Does Money Buy You Happiness?

Stoicism and wealth

Throughout history, wealth has had many meanings. However, when we say “wealth” most people picture material goods like money, clothes, houses, and cars. But there’s also another definition to wealth besides the one that is widely accepted.

The second definition of wealth is more important to Stoics – it is immaterial wealth which dwells in our character, mind and soul. Stoics were familiar with both meanings of wealth and thought about them deeply.   

Material wealth according to Stoics, is not bad nor good in itself, our perception of it makes it so. Wealth can be good if we use it to help others in need, but it can also be devastating for the soul if it becomes the only obsession in our lives. Therefore, our perception is what truly matters.

Epictetus said: “Wealth consists not in having great possessions, but in having few wants”.

And Seneca follows it with something very similar: “The greatest wealth is a poverty of desires”.

Epictetus and Seneca believed that material wealth often burdens the soul, because in general people’s obsession with the accumulation of wealth comes from their fear of the future. Nor realizing that the future is outside of our control.

So then it can be understood that when one has less wants, one is free from the burden of those wants, thus he’s truly rich if he doesn’t require more to be happy.

The state of mind in question is certainly connected with “inner-wealth” which cannot be taken away. Wealth doesn’t make us happy, especially when most people acquire wealth in order to have power over others.  This craving of power deepens the desire.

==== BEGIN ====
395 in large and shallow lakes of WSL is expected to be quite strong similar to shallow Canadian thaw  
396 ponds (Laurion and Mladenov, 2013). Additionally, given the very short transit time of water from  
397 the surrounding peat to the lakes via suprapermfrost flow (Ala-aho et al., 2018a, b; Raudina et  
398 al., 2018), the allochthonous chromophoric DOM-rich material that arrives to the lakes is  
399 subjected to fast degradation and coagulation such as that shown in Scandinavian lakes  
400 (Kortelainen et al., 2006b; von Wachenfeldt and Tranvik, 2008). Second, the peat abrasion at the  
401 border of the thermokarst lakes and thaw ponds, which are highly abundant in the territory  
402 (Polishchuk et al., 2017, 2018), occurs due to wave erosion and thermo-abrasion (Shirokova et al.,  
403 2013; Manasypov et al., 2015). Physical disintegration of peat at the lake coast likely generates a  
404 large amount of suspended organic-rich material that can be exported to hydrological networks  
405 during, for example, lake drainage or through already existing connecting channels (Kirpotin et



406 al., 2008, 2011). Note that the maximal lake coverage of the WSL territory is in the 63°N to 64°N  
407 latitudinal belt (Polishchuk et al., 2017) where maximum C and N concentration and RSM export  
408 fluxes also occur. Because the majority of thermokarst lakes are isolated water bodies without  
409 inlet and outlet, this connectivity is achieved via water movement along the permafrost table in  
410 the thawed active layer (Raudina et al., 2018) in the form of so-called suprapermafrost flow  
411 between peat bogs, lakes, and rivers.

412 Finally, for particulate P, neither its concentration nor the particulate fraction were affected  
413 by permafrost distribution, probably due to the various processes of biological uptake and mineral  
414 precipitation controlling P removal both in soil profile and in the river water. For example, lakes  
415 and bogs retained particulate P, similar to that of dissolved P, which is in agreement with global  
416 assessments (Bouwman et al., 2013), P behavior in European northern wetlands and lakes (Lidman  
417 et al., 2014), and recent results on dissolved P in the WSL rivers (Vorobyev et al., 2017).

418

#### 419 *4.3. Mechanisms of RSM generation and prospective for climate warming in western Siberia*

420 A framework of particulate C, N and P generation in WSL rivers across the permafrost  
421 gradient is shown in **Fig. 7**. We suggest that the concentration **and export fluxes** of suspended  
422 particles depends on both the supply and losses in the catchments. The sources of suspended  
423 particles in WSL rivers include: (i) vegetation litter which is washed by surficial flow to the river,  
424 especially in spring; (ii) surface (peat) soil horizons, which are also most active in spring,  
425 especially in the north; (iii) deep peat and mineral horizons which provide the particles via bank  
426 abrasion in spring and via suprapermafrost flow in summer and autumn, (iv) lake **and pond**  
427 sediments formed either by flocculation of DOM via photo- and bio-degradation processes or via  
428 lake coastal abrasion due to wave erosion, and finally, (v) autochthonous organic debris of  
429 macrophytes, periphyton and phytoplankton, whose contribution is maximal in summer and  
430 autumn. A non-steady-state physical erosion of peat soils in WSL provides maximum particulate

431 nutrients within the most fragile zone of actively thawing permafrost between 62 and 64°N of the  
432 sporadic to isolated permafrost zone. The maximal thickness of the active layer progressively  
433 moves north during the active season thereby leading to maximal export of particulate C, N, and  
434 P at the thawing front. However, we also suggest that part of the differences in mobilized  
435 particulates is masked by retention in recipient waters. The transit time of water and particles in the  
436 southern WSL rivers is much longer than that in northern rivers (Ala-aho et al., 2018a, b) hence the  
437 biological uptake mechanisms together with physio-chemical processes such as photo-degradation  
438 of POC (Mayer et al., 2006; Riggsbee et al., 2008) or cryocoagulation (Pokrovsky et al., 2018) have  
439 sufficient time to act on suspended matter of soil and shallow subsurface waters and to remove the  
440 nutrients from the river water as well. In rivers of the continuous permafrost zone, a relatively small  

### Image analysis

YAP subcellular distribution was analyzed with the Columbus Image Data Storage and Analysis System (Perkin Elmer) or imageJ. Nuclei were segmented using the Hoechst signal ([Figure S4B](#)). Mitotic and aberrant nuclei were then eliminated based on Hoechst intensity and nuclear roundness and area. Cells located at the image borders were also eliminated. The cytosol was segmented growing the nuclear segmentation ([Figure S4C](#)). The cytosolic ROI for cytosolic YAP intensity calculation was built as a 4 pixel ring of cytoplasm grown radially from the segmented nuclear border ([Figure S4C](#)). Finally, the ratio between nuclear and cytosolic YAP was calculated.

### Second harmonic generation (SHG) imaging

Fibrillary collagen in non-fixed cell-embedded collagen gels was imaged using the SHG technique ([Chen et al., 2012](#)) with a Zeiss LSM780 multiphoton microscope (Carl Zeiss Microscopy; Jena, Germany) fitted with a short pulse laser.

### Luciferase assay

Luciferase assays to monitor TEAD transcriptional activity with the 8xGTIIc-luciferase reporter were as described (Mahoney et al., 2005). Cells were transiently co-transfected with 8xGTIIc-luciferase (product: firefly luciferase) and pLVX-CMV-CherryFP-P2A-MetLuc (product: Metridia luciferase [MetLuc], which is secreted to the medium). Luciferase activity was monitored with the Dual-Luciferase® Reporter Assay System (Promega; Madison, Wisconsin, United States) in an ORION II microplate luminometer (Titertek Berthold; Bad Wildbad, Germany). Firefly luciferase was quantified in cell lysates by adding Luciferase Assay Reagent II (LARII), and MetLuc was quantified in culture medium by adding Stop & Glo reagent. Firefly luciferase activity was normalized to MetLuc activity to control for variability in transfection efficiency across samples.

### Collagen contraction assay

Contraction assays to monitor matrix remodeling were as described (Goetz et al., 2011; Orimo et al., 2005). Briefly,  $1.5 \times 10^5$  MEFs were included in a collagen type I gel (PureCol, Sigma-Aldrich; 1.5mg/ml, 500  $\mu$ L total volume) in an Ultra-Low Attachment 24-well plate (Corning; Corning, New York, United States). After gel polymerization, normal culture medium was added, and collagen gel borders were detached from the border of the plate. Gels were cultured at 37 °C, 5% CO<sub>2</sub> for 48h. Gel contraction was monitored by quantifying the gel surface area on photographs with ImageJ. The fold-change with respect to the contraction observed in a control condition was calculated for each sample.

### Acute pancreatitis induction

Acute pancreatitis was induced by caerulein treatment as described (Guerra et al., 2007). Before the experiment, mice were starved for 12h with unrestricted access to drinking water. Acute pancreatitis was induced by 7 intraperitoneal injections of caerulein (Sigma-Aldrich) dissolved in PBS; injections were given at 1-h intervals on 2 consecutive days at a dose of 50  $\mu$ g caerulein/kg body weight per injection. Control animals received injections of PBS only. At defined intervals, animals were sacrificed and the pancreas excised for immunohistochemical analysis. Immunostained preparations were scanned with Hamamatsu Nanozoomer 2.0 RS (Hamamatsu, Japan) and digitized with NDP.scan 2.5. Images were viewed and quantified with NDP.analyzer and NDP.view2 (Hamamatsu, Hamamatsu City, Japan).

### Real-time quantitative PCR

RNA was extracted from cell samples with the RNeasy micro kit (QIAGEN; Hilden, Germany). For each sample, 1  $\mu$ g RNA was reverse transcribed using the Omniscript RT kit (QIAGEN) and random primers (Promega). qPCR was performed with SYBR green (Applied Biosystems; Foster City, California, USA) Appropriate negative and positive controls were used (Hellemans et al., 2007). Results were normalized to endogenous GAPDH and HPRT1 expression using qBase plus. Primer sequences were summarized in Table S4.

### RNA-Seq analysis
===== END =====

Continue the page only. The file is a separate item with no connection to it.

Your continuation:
On the contrary, Epictetus teaches us that:

All human beings seek the happy life, but many confuse the means – for example, wealth and status – with that life itself. This misguided focus on the means to a good life makes people get further from the happy life. The really worthwhile things are the virtuous activities that make up the happy life, not the external means that may seem to produce it. – Epictetus

When one is educated, wise, and content, wealth appears as something less important, it appears as something that doesn’t have value in itself. You can see numerous examples of how wealth influences people negatively on TV or on the internet and in everyday life. Humans often reveal their nature and character when wealth is in question.

In that respect Seneca notices: “Wealth is the slave of a wise man. The master of a fool”.

The last quote I would like to emphasize is one written by Marcus Aurelius, the Roman Emperor: “The only wealth which you will keep forever is the wealth you have given away”.

Namely, this Stoic philosopher, and Emperor saw through the irrelevance of wealth being the pure driving purpose in life. His statement reflects the “inner-wealth” which is attained after we give material goods to another who is less fortunate. The simple message is that material wealth should be perceived as the means, and immaterial wealth as the ends in our lives.

To conclude, material wealth is not good nor bad. Those qualities depend on our perception. It is wiser to believe in the beauty of immaterial wealth, as we traverse this short lived life. This kind of wealth cannot be taken away from you, because it grows within you in correspondence to your own character.